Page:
Elmore Leonard stated, “You are allowed no more than two or three [exclamation points] per 100,000 words of prose.” The funny thing is, considering his own manuscripts, he averaged 49 exclamation points per 100,000 word. And over the course of all his works, he used a total of 1,651 exclamation points. Hmm…

Jane Austen apparently used 449 exclamation points per 100,000 words, and she only published six books. James Joyce reportedly used a massive 1,105 exclamation points per 100,000 words for his three novels. These statistics came from The Atlantic.

So, don’t worry if you have a lot of exclamation points. On the other hand, you can remove the mark when you use “shouted,” “yelled,” “screamed,” etc. in a dialogue tag.

Another writing rule I find absurd is not to write about dreams.

First, I understand not using dreams that are random, like the dreams we have at night, but sometimes a dream is part of the plot. For instance, a character can have psychic dreams that foretell something they need to stop from happening. Or a character can have a nightmare about an event from their past that comes back to haunt them during the course of the story. Dreams can be relevant, so if you want to write about a dream or nightmare, you very well can.

One rule that stumped me has been cited in best-selling books for writers—a writer should only write in one genre/category. The authors of these books go so far as to say that a writer is only skilled at writing one genre, meaning flash fiction, short stories, novels, etc.


I could not imagine being forced to write only one genre my whole life or being pinned as a writer who can only write well in one genre but not the others that inspire me. Nor would I want to have to write stories of the same length forever.

How boring!

How restrictive!

Whatever idea comes to me, I write it, regardless of genre and length. And you should, too.

How dare someone claim an author can only do one genre well?

How dare someone claim authors should focus on one genre, not two, not three, not as many as the author chooses to write?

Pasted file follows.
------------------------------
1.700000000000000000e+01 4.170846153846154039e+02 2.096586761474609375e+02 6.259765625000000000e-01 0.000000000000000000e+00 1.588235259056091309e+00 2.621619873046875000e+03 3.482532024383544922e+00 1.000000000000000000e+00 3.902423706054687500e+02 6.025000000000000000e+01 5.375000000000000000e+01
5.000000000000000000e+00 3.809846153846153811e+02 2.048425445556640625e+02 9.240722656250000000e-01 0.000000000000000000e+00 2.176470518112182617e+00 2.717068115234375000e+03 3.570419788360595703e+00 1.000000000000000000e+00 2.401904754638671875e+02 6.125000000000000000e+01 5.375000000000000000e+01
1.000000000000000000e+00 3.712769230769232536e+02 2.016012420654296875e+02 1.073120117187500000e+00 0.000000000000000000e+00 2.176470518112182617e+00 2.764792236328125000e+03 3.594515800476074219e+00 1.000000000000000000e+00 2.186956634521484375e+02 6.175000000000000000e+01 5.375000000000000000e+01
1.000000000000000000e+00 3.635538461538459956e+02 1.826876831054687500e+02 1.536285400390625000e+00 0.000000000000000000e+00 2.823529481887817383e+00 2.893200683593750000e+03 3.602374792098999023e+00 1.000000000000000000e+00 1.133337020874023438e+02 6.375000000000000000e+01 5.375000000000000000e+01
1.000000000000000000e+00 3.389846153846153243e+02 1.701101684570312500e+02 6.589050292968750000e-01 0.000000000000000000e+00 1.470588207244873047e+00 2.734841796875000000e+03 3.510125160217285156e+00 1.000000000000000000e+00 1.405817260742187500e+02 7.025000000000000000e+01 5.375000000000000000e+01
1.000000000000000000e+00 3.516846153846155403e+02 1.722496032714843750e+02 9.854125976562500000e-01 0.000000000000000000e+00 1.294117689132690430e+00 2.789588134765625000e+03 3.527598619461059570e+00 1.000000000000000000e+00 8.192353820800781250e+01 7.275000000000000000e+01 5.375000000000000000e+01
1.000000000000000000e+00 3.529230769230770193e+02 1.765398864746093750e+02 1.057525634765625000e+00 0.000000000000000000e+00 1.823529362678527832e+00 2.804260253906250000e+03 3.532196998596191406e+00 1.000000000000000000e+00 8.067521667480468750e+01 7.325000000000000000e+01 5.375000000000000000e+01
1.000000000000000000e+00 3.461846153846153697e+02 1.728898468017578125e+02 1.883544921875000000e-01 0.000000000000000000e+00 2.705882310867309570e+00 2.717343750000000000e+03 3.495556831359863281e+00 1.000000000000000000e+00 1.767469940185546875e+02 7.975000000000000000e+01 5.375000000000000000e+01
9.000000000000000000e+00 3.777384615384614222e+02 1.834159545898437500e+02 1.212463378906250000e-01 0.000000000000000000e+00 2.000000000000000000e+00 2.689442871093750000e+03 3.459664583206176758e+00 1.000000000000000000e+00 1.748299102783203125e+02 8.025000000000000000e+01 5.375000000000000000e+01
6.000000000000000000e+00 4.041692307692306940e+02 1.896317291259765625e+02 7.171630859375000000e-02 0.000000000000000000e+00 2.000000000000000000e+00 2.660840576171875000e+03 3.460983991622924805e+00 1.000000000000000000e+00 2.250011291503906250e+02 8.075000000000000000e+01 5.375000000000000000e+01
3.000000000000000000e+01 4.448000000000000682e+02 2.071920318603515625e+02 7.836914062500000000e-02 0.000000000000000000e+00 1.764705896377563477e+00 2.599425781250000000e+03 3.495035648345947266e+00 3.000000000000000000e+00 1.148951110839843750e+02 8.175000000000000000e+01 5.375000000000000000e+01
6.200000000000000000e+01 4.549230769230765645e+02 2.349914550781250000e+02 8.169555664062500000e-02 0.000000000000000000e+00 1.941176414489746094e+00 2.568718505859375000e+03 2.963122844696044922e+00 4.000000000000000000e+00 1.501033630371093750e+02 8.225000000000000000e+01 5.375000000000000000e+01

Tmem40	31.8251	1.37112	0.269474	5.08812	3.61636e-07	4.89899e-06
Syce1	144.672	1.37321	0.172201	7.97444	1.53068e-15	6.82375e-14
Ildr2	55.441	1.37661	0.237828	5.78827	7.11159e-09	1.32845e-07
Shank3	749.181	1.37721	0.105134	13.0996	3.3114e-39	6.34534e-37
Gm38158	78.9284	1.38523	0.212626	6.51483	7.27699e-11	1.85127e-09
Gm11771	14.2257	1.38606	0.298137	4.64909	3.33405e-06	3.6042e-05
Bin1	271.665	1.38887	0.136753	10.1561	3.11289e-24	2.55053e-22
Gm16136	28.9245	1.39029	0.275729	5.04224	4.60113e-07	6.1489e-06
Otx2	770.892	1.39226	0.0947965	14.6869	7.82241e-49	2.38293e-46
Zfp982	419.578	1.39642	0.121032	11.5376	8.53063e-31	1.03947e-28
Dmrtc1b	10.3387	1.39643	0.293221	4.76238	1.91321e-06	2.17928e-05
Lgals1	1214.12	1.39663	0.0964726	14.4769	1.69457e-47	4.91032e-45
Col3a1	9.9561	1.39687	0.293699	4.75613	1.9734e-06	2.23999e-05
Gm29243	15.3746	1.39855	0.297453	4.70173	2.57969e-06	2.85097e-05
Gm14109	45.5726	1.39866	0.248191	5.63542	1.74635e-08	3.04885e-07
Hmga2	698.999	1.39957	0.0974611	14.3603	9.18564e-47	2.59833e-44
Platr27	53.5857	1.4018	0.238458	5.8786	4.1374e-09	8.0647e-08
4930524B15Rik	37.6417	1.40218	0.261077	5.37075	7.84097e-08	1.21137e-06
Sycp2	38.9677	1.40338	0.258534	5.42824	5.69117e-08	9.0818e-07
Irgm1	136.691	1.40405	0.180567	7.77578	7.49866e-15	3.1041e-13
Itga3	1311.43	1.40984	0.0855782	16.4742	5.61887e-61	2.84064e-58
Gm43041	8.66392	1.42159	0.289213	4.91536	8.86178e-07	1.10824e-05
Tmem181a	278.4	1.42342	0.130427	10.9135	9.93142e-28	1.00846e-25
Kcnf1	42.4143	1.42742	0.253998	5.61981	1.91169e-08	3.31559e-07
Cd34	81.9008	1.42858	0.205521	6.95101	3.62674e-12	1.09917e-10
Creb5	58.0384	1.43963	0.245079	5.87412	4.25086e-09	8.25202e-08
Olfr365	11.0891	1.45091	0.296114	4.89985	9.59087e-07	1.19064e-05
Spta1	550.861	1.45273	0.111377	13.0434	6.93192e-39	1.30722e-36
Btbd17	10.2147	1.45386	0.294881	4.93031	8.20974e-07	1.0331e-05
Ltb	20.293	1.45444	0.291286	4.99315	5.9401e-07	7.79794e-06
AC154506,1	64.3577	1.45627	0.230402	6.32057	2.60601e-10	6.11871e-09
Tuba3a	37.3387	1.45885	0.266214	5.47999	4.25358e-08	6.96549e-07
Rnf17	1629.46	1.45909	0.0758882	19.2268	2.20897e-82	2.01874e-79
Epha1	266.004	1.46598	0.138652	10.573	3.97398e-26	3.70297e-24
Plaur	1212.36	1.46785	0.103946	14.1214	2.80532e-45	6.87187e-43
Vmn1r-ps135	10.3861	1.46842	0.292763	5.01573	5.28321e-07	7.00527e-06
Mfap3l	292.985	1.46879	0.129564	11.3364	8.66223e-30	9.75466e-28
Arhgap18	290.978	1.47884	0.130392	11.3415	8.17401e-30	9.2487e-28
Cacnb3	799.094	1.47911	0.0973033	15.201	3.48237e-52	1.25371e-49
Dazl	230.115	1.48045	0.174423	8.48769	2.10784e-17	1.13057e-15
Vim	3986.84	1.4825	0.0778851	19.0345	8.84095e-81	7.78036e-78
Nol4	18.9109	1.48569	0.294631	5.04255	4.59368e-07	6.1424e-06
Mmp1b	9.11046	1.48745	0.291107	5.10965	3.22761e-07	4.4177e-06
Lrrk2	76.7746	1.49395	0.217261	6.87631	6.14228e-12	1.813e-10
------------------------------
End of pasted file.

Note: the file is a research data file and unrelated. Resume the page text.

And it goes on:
Writers who are just starting out on their writing journey may have two ideas in vastly different genres. For example, one project could be a high fantasy novel and the other could be a non-fiction short story, but upon hearing this rule, they may be led astray, thinking they have to choose just one.

But you don’t!

You can write any genre under the umbrella of fiction, as well as non-fiction, haiku, flash fiction, song lyrics, and anything else.

Don’t let these, or any other, restrictive writing rules stifle your creativity and cause writer’s block. Write the story you want to write, the way you want to write it.


  1. I agree with you that you have to use your judgment on the rules of writing. Some are too restrictive, and I see well-known bestselling authors breaking them, like the show, not tell rule, all the time. It's frustrating.

  2. Hard to believe anyone would say we can't write more than one genre. I get that from a marketing perspective that can be a problem (my one fantasy novel tends to get lost in the shuffle, but I have in fact published in at least 3 genres, four if you count my alphabet picture book). Another thing that gets said a lot (I think we can blame Stephen King for this) is that if you're "really" a writer you write every day. Bull.

  3. Wow! Rules would be better named as guidelines, for they are designed to be broken.

  4. I'm definitely with you on this. I hate rules that begin with 'Never...', whether it's in writing or in my job as a fitness instructor when fitness 'influencers' say 'Never do [this exercise] or eat [this food]'. One size definitely doesn't fit all.

    With writing, I see it as an art, first and foremost. No one would have told Van Gogh how to paint! If I want to start a sentence with And, I'm going to. Despite what my English teacher husband says... or possible, in spite of it 😉